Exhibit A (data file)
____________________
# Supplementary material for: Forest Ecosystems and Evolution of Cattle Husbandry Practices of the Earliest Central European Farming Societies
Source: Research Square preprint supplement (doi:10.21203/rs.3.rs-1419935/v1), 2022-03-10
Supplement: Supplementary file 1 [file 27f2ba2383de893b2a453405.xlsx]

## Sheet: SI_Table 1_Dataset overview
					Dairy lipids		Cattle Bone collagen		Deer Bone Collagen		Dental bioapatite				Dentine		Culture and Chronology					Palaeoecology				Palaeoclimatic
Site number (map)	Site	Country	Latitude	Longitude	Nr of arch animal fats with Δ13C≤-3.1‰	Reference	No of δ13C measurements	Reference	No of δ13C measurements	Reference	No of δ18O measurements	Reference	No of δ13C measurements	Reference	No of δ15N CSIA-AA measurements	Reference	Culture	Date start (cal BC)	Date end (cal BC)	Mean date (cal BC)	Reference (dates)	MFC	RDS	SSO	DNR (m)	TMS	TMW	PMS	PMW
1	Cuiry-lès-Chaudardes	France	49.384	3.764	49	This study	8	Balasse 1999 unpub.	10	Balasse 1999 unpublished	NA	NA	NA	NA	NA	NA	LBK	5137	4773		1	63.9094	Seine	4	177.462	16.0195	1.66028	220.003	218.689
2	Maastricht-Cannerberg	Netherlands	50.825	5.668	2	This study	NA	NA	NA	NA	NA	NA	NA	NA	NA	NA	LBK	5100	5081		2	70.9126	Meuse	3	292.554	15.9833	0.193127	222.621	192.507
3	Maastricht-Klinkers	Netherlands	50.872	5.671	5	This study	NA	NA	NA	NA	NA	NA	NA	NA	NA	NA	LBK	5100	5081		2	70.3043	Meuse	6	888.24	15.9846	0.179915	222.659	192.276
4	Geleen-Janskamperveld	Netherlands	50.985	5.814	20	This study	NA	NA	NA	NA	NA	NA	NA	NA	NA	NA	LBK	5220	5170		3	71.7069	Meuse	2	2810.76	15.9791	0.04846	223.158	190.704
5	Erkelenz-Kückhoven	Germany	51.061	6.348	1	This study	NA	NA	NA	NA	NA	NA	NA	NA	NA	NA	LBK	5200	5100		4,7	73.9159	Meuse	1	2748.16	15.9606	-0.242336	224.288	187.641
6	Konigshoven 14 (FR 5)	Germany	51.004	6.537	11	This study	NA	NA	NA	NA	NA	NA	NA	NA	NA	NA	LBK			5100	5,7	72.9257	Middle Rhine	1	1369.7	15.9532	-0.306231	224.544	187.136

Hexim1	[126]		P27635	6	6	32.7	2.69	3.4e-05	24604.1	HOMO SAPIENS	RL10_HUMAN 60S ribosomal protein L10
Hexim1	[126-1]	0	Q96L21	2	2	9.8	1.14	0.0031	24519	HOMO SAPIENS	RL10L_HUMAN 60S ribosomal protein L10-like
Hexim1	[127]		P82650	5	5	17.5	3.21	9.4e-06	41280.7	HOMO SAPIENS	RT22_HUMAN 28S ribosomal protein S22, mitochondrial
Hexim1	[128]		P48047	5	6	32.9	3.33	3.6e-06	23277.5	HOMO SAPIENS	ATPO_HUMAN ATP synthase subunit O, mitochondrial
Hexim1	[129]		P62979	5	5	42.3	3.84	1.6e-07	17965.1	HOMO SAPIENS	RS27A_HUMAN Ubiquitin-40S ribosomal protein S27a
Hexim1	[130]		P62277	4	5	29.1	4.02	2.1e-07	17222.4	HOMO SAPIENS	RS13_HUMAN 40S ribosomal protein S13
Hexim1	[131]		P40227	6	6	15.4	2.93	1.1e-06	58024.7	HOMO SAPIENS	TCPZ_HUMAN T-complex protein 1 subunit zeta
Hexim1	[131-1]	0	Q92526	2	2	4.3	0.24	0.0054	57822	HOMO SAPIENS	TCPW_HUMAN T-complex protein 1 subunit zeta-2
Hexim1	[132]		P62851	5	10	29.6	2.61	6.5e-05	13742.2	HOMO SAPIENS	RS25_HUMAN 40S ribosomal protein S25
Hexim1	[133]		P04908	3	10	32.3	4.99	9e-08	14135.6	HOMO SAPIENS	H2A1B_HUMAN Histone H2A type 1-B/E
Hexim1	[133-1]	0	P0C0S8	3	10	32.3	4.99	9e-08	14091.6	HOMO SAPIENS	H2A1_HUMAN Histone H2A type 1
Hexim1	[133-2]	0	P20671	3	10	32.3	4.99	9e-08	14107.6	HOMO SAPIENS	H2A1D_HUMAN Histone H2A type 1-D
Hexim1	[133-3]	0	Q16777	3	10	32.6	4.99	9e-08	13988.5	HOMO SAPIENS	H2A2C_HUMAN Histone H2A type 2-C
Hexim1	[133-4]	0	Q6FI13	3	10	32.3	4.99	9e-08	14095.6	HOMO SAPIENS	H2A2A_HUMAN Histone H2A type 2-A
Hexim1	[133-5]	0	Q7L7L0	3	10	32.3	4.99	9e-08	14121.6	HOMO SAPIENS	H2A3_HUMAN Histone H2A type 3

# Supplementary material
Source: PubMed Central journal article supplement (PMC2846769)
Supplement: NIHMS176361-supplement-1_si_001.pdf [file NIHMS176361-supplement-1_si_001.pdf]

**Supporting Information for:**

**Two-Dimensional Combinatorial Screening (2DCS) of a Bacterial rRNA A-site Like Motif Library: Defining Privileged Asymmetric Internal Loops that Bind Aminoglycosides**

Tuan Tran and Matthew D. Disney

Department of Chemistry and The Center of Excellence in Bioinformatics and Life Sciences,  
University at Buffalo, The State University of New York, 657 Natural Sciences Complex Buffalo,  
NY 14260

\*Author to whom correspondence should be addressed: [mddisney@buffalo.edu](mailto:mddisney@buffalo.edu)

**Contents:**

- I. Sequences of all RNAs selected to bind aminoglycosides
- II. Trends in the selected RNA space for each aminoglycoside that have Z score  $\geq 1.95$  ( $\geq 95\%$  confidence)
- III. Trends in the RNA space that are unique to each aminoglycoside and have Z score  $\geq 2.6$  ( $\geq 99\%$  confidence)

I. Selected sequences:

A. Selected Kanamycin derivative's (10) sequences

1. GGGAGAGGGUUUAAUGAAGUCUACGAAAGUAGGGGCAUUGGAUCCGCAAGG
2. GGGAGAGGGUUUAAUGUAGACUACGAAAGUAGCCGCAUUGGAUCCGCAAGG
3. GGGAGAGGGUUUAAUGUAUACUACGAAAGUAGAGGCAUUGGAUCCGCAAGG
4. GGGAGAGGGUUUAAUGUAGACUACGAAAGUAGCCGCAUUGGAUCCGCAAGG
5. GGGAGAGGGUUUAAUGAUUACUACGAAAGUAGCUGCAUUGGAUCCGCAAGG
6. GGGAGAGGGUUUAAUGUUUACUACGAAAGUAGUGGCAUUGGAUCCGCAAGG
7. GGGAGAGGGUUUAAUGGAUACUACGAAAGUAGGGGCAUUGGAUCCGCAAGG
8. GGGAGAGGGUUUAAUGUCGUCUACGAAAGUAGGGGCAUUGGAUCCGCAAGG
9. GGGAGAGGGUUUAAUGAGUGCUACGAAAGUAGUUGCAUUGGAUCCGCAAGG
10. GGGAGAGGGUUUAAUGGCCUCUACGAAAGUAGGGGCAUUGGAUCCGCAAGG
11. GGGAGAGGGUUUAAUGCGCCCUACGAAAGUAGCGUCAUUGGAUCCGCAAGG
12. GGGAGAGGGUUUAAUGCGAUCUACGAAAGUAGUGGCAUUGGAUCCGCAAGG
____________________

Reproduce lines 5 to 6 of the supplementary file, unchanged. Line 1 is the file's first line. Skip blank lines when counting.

					Dairy lipids		Cattle Bone collagen		Deer Bone Collagen		Dental bioapatite				Dentine		Culture and Chronology					Palaeoecology				Palaeoclimatic
Site number (map)	Site	Country	Latitude	Longitude	Nr of arch animal fats with Δ13C≤-3.1‰	Reference	No of δ13C measurements	Reference	No of δ13C measurements	Reference	No of δ18O measurements	Reference	No of δ13C measurements	Reference	No of δ15N CSIA-AA measurements	Reference	Culture	Date start (cal BC)	Date end (cal BC)	Mean date (cal BC)	Reference (dates)	MFC	RDS	SSO	DNR (m)	TMS	TMW	PMS	PMW